Parliament was cancelled. A referendum was postponed. The government ruled alone by emergency decree. Where does that leave direct democracy?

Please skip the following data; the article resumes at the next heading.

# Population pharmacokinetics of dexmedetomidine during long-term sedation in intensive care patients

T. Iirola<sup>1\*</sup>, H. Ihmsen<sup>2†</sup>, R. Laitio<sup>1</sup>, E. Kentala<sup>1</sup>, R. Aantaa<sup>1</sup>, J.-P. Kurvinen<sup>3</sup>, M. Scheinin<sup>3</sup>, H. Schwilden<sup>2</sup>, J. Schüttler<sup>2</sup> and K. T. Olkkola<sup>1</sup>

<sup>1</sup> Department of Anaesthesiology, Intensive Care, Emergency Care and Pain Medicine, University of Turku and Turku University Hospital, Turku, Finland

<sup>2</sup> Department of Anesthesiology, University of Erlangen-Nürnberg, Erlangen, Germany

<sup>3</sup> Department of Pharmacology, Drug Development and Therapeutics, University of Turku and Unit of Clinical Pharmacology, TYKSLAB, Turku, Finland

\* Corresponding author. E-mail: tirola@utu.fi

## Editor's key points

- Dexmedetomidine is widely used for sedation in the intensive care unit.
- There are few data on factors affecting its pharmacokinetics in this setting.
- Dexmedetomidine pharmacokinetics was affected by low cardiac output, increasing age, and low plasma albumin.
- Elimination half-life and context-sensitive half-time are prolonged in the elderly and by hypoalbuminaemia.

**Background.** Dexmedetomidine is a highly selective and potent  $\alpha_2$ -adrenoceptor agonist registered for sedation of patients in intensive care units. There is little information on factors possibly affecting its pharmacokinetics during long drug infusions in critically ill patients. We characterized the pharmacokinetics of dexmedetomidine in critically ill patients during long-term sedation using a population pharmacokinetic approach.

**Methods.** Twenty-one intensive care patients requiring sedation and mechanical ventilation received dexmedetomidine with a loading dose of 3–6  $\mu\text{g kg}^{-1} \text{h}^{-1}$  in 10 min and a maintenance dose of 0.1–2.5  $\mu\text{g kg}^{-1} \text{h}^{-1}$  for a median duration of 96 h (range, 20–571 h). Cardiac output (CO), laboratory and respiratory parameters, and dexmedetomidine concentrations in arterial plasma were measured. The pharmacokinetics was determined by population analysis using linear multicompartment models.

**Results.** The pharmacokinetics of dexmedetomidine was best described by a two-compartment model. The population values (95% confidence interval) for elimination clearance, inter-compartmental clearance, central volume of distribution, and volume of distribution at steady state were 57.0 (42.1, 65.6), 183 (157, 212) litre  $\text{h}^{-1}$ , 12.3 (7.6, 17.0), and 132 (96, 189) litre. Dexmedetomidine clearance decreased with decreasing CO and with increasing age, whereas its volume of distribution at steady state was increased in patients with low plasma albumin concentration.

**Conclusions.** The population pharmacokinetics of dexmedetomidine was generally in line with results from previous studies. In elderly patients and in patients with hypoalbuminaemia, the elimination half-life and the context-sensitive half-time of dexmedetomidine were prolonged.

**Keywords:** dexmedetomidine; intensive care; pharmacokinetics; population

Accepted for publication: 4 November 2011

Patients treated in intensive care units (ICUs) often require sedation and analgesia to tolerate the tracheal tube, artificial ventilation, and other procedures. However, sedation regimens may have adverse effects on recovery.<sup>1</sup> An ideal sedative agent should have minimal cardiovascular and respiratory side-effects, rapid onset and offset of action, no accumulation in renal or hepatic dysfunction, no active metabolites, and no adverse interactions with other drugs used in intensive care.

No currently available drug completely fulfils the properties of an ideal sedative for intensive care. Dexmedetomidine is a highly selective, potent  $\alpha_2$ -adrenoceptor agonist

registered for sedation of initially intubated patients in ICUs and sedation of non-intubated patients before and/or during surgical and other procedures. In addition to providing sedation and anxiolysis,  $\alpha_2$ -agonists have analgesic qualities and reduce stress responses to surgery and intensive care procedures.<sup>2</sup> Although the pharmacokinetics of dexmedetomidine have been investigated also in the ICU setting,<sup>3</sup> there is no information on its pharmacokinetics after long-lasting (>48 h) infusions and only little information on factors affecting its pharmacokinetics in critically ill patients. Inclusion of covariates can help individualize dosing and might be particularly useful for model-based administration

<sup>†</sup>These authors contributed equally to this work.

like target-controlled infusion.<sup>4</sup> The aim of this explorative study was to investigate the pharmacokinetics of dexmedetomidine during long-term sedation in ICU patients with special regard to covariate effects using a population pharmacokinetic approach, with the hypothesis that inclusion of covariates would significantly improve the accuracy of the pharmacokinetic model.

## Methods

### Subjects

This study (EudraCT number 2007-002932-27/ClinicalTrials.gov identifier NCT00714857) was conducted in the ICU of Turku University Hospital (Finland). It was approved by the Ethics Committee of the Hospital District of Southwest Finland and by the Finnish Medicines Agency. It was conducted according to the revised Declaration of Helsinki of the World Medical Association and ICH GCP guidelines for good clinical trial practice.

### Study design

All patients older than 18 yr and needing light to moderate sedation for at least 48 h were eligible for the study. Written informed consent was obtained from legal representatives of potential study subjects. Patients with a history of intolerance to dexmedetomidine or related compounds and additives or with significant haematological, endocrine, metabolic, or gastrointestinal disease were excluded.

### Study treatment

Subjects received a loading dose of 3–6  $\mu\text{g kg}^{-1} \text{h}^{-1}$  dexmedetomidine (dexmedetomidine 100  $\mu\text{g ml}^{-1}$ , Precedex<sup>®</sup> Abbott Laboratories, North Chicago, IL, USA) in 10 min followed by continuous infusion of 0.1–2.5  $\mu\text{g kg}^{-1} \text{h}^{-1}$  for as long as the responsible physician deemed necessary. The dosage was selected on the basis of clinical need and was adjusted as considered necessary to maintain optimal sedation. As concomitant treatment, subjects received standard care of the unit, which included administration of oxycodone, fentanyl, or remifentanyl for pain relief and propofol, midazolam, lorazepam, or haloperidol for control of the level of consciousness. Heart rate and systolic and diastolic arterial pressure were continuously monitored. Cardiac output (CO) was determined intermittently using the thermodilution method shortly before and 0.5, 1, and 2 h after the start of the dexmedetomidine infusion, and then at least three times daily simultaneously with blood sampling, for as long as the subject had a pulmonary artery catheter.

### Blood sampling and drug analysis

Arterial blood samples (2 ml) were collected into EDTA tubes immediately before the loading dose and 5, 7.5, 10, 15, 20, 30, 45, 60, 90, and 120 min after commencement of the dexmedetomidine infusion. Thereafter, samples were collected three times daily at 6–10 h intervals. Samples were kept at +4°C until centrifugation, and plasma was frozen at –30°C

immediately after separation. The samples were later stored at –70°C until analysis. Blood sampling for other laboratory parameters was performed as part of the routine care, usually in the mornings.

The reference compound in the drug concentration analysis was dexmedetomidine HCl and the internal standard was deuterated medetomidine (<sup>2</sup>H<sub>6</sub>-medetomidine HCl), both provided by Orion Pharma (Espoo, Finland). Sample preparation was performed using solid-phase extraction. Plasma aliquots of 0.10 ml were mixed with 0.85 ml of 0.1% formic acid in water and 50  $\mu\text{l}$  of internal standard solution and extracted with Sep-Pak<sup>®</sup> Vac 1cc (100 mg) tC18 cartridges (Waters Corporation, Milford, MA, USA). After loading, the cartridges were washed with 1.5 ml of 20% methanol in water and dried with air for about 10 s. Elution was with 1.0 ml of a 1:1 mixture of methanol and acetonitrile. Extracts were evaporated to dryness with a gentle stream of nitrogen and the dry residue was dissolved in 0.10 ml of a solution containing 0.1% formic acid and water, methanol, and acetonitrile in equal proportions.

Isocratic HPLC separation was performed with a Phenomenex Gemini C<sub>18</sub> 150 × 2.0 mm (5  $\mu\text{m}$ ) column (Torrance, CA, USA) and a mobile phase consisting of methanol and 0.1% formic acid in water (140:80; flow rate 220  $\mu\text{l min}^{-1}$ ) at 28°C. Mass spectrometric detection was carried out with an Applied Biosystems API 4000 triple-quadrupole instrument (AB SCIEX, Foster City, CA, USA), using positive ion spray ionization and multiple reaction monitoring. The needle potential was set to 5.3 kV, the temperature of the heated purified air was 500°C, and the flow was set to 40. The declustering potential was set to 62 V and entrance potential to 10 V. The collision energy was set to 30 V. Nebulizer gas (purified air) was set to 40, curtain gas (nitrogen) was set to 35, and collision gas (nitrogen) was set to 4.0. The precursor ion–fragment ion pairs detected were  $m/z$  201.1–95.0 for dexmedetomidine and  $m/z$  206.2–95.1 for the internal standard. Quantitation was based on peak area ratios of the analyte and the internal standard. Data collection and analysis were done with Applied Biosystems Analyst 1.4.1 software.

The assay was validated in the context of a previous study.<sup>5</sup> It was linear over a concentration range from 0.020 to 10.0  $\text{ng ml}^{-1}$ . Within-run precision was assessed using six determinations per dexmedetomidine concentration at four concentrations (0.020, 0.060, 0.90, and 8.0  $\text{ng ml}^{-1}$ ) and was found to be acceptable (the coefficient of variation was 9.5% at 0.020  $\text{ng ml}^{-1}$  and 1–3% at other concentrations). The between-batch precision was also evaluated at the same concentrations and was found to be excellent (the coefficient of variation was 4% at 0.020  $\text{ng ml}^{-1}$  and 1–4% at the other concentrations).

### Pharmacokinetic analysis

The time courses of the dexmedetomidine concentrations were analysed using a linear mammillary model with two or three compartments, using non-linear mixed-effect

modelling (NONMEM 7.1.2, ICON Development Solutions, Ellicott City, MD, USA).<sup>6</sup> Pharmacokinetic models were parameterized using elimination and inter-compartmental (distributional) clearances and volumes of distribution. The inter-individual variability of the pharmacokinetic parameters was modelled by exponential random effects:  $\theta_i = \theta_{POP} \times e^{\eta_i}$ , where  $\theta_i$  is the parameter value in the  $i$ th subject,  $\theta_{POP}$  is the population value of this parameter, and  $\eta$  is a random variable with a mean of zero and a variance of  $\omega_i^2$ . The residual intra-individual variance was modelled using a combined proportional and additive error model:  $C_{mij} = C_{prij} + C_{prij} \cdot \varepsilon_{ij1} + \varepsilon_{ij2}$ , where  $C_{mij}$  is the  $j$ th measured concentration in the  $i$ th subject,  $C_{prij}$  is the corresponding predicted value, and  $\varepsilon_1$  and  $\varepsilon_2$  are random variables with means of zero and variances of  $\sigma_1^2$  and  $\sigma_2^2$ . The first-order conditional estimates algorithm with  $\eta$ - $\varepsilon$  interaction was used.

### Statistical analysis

On March 16 the Swiss government declared an “extraordinary situation”. People had to stay at home for two months. The spring session of parliament was cancelled. The May referendum was postponed. The government ruled alone by emergency decree. Where does that leave direct democracy? Martina Mousson*, a political scientist from the gfs.bern research institute, is familiar with psychological phenomena in times of crisis. After the Spanish Flu, which claimed millions of lives, the Roaring Twenties broke out, with many people celebrating excessively. The idea that the Covid-19 pandemic could be followed by something similar is therefore quite tempting. The government’s emergency decrees are supported by the Epidemics Act. This authorised the government to declare the extraordinary situation on March 16 and to govern without parliamentary control. After the spring session of parliament was interrupted, the two chambers regrouped at the beginning of May – not in the federal parliament building but on the city of Bern’s exhibition grounds, where the necessary distance could be maintained. However, initiative committees had to remain patient. Collection signatures in the street was only approved at the beginning of June. In the meantime, the government has also decided that the three issues on which the people should have voted on May 17, together with two other items, will be put to voters on September 27. *The interview with Martina Mousson took place in early April, shortly after the Swiss government had urged the public to stay at home.